Giving vine diseases the boot

In our July e-news we introduced you to Dr Mark Sosnowski, the trunk disease guru, who shared his top tips for healthy pruning. In this issue, we tell you more about Mark’s research, which is now being adopted by the New Zealand wine industry.

In addition, an eradication treatment involving drastic pruning and canopy reconstruction, is being evaluated internationally to assist in management of diseases exotic to Australia.

Mark is Senior Research Scientist at the South Australian Research and Development Institute (SARDI) and has been studying trunk diseases since 2003, developing ways to minimise their impact, such as applying wound treatments to pruning cuts to prevent infection, and remedial surgery (lopping affected vines at the trunk) to eradicate the trunk disease pathogens.

“More recently I’ve been involved in management of various foliar or surface diseases. What I’ve understood from working with grapevines is that older vines are generally more valuable. But if an exotic disease drops in, regulators could instruct the removal of all vines in the case of an incursion. This would obviously be a huge loss, not only to the grower, especially in the case of very old vineyards, but also to the industry in general,” Mark said.

“To combat this issue, my theory was, if you get a disease that just inhabits the leaves and fruit, what if we could just cut the vine at the trunk and re-grow it. Then you don’t lose the quality or age factors that exist in the extensive root system, but you rid the vine of the disease.”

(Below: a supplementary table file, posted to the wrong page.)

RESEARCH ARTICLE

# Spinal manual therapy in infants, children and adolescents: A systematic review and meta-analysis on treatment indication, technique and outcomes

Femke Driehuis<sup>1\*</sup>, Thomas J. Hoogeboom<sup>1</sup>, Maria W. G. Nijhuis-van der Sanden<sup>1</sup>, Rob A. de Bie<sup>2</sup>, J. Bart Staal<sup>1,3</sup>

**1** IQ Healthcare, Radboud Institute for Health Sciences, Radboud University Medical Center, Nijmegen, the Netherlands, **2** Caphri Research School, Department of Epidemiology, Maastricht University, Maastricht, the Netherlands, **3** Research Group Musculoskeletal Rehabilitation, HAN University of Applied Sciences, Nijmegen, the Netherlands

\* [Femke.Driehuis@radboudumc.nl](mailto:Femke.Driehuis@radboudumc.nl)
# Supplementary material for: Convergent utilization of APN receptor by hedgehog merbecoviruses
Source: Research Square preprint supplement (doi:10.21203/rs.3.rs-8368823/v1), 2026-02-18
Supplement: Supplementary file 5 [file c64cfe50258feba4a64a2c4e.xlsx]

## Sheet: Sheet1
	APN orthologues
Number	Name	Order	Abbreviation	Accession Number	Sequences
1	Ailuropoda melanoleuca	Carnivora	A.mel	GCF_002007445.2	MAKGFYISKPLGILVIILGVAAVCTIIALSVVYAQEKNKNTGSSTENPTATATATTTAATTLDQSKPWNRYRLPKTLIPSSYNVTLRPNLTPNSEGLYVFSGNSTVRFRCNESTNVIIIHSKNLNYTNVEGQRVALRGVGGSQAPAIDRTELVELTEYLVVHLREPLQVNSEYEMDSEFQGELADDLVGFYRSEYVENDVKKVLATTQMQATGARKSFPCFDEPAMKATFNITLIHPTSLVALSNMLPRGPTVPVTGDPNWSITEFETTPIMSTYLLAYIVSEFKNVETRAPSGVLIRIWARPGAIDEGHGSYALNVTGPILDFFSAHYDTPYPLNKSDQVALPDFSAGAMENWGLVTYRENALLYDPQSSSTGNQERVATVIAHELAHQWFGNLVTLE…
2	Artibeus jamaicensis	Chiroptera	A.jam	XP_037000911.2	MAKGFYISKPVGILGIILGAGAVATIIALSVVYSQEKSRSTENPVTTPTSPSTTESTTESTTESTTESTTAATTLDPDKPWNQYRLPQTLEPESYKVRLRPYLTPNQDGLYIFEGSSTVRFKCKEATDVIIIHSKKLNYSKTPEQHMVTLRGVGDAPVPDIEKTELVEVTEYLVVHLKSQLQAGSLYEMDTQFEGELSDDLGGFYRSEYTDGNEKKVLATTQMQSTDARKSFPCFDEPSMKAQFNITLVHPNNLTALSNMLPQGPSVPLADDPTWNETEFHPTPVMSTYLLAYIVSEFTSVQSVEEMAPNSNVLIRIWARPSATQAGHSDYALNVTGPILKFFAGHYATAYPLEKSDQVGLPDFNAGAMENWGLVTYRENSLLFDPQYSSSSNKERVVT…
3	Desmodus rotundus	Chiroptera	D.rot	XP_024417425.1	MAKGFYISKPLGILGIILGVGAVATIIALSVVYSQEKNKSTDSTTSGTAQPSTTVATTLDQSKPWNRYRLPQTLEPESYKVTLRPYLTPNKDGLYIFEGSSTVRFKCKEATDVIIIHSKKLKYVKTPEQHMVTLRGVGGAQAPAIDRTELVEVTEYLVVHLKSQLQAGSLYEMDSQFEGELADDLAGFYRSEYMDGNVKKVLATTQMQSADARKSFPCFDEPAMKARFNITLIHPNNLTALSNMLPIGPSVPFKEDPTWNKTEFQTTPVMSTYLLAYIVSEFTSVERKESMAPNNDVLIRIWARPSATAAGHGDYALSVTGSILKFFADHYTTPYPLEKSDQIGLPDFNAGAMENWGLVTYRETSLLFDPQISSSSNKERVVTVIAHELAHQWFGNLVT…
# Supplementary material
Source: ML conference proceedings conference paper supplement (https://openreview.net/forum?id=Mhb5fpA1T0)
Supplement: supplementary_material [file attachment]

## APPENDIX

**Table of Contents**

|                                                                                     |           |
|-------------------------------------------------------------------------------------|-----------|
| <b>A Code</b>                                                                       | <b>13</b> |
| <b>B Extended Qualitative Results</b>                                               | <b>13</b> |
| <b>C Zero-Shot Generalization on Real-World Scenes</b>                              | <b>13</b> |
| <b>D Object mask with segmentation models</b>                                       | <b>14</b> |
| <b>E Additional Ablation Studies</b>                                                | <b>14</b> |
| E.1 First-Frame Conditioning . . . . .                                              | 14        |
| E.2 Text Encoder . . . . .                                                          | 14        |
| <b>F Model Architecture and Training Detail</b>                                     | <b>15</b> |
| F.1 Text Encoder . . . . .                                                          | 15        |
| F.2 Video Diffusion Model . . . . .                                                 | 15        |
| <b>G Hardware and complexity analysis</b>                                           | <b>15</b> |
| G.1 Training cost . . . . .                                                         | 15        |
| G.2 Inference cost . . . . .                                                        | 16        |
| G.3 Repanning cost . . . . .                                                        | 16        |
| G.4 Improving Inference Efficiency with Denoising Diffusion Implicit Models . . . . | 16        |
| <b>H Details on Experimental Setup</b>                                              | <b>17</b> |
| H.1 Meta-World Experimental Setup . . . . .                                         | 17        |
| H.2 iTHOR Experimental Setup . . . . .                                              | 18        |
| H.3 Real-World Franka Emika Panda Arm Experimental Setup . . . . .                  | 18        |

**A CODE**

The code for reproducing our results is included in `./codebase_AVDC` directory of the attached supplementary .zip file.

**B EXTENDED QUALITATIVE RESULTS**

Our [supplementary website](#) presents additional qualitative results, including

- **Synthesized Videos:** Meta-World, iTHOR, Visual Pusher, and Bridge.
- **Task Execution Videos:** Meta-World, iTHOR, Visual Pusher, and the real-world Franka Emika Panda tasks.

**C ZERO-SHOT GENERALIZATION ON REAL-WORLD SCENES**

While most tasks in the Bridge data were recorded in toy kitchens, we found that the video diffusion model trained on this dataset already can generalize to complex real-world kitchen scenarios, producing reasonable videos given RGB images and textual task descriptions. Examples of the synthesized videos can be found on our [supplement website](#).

Mark developed and simulated this idea in Sunraysia on Black Spot and was able to prove the technique worked. He then went to Cornell University in the US and ran the same protocol on Black Rot (exotic to Australia), and validated his theory.

“We were able to eradicate the disease without pulling out the vines. And two years later the disease didn’t recur in the treated vines,” Mark said. “We developed a diagnostic protocol and now have an incursion management response plan for Black Rot, helping Australia’s preparedness to combat this exotic disease.”

Mark’s team is now conducting similar research for Angular Leaf Scorch (exotic to Australia), working with researchers at Cornell University again.

And recently, the almond industry approached Mark to assist with disease management. “They saw what we were doing with grapes, and they would like us to address trunk diseases in almond trees,” he said. “The pathogens are the same as in vines, and we hope to transfer our knowledge and move some of the management strategies across to another important industry for South Australia.”

For more information about Mark and his research click here.